Stagnation and the financial explosion: the 1980s[edit]

A prescient analysis of stagnation and what is now called financialization was provided in the 1980s by Harry Magdoff and Paul Sweezy, coeditors of the independent socialist journal Monthly Review. Magdoff was a former economic advisor to tướng Vice President Henry A. Wallace in Roosevelt’s New Deal administration, while Sweezy was a former Harvard economics professor. In their 1987 book, Stagnation and the Financial Explosion, they argued, based on Keynes, Hansen, Michał Kalecki, and Marx, and marshaling extensive empirical data, that, contrary to tướng the usual way of thinking, stagnation or slow growth was the norm for mature, monopolistic (or oligopolistic) economies, while rapid growth was the exception.[23]

Private accumulation had a strong tendency to tướng weak growth and high levels of excess capacity and unemployment/underemployment, which could, however, be countered in part by such exogenous factors as state spending (military and civilian), epoch-making technological innovations (for example, the automobile in its expansionary period), and the growth of finance. In the 1980s and 1990s Magdoff and Sweezy argued that a financial explosion of long duration was lifting the economy, but this would eventually compound the contradictions of the system, producing ever bigger speculative bubbles, and leading eventually to tướng a resumption of overt stagnation.

Post-2008 period[edit]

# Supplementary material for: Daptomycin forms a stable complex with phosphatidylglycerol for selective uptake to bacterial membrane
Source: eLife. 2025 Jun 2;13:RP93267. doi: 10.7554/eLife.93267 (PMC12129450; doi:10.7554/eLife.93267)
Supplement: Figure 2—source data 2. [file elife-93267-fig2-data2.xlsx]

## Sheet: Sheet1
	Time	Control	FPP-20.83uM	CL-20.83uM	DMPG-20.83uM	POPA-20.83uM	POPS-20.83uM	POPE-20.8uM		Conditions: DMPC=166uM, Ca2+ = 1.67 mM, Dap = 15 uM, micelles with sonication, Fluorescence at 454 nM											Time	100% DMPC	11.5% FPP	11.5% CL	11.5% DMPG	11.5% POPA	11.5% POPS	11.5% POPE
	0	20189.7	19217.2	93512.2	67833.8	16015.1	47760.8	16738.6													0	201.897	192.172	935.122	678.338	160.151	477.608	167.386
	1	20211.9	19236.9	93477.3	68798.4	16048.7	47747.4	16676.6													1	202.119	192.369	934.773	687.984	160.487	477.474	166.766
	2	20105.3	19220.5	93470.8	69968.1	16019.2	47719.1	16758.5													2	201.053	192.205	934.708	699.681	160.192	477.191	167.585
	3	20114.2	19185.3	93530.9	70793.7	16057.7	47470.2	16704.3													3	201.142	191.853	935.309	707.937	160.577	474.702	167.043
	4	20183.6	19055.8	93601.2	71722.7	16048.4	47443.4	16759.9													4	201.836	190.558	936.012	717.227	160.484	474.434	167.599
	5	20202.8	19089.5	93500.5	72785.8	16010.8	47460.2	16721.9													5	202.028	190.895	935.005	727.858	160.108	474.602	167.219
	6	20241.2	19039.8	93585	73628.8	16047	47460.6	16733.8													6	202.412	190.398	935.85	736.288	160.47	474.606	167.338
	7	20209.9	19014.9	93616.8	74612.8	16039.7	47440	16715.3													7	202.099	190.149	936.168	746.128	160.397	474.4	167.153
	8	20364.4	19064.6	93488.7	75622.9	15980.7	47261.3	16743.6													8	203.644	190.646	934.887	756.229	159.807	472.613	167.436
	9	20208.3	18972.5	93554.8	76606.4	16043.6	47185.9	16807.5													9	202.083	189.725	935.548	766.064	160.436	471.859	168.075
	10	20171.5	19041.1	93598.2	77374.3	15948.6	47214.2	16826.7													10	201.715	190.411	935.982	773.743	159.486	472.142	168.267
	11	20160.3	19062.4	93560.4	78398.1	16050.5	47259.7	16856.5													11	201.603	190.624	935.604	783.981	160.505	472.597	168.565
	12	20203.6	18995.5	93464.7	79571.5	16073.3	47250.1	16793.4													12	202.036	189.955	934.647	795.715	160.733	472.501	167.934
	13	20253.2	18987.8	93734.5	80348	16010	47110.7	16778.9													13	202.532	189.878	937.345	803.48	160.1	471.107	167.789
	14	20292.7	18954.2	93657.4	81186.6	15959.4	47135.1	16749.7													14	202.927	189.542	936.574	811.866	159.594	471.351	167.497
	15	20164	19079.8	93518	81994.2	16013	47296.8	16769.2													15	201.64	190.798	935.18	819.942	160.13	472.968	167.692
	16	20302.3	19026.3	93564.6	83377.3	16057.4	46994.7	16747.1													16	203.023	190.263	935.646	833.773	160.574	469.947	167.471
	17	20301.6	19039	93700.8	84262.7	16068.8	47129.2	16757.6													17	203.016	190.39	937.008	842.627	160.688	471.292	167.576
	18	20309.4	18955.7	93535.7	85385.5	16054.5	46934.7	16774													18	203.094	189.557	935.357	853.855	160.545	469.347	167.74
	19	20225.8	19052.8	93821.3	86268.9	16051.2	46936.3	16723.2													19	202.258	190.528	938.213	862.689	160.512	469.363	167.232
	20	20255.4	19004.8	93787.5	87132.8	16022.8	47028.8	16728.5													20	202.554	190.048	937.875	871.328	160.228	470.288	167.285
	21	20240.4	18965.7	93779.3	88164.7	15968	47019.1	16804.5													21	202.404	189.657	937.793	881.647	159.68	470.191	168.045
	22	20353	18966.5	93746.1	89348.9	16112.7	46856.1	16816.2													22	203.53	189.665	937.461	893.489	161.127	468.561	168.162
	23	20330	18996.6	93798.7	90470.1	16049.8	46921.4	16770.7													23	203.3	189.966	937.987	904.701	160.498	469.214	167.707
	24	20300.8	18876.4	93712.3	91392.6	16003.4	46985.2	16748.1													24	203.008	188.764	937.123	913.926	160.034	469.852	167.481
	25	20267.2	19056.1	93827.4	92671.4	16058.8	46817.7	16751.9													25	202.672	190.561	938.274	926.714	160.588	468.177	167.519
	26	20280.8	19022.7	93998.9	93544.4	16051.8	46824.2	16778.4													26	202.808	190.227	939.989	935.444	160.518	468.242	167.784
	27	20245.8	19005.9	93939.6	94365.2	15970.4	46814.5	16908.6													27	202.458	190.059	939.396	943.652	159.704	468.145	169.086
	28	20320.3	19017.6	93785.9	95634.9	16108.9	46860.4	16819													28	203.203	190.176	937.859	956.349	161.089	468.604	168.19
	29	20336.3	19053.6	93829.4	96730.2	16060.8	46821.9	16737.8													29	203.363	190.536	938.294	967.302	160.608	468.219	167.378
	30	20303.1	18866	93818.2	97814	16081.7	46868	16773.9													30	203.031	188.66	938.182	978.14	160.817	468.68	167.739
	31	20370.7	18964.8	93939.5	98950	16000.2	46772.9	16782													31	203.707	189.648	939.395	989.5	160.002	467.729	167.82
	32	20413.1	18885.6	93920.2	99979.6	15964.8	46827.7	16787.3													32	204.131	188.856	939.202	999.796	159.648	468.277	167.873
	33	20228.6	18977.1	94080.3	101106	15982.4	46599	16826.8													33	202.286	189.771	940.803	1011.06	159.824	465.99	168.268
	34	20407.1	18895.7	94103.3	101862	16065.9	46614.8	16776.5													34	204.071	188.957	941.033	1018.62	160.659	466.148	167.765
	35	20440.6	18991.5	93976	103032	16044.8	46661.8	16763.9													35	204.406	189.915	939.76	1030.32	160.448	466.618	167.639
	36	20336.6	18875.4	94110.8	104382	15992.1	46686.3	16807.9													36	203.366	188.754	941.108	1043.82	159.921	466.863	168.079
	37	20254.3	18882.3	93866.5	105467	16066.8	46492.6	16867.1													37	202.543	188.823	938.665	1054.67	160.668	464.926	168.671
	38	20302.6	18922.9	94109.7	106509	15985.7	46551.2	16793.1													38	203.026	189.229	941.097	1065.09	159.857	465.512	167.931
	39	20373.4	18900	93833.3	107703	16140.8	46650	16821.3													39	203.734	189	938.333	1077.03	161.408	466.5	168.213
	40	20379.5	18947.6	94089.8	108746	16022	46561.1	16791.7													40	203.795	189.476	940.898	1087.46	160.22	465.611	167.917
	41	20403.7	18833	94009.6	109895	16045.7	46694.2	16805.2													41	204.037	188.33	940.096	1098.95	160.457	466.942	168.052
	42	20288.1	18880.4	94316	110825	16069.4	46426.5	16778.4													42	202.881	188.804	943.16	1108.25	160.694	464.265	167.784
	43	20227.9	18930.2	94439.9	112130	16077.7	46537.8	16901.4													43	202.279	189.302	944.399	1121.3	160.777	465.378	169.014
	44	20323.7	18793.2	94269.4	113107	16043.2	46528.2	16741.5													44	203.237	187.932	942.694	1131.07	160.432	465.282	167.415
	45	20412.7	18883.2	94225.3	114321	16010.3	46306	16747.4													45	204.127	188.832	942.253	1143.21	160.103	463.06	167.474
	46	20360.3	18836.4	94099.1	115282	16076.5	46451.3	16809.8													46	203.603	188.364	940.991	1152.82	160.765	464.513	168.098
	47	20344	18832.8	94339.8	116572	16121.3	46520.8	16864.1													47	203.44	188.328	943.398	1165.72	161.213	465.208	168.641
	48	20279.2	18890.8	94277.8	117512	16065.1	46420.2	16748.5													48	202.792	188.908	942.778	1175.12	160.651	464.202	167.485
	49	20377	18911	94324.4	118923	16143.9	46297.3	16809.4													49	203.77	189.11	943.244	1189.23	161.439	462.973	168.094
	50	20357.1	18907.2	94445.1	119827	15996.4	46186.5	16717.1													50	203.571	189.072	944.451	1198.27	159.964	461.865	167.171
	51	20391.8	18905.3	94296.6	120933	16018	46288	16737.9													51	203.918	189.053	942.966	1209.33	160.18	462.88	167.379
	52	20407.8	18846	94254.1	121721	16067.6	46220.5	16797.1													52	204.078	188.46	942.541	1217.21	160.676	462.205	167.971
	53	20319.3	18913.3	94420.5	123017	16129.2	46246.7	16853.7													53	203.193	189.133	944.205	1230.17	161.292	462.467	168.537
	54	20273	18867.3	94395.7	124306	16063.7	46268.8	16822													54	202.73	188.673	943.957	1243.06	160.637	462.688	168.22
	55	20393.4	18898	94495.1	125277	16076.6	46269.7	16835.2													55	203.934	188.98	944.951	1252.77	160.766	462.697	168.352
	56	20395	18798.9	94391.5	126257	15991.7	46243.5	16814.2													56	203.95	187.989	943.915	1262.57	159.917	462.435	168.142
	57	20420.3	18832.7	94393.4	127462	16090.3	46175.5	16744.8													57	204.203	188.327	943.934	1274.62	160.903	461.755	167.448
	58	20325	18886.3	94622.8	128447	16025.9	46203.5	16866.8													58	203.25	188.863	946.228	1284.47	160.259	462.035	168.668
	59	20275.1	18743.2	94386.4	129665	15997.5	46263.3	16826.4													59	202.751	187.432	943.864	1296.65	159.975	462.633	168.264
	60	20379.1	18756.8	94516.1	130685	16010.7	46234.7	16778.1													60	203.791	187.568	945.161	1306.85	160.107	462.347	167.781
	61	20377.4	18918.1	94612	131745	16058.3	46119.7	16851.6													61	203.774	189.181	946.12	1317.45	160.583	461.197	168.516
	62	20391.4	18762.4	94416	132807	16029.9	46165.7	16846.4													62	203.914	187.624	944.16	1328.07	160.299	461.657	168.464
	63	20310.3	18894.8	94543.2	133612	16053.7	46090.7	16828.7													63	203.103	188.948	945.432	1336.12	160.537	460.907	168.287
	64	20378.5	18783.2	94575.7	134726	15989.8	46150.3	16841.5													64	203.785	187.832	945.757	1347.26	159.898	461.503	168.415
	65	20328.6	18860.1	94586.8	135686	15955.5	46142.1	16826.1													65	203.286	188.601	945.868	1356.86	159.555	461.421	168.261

This chart compares U.S. potential GDP under two CBO forecasts (one from 2007 and one from 2016) versus the actual real GDP. It is based on a similar diagram from economist Larry Summers from năm trước.[24]

Secular stagnation was dusted off by Hans-Werner Sinn in a 2009 article [25] dismissing the threat of inflation, and became popular again when Larry Summers invoked the term and concept during a 2013 speech at the IMF.[26]

However, The Economist criticizes secular stagnation as "a baggy concept, arguably too capacious for its own good".[1] Warnings similar to tướng secular stagnation theory have been issued after all deep recessions, but they all turned out to tướng be wrong because they underestimated the potential of existing technologies.[3]

Paul Krugman, writing in năm trước, clarified that it refers to tướng "the claim that underlying changes in the economy, such as slowing growth in the working-age population, have made episodes lượt thích the past five years in Europe and the United States, and the last đôi mươi years in nhật bản, likely to tướng happen often. That is, we will often find ourselves facing persistent shortfalls of demand, which can’t be overcome even with near-zero interest rates."[27] At its root is "the problem of building consumer demand at a time when people are less motivated to tướng spend".[28]

One theory is that the boost in growth by the mạng internet and technological advancement in computers of the new economy does not measure up to tướng the boost caused by the great inventions of the past. An example of such a great invention is the assembly line production method of Fordism. The general khuông of the argument has been the subject of papers by Robert J. Gordon.[29] It has also been written about by Owen. C. Paepke and Tyler Cowen.[30]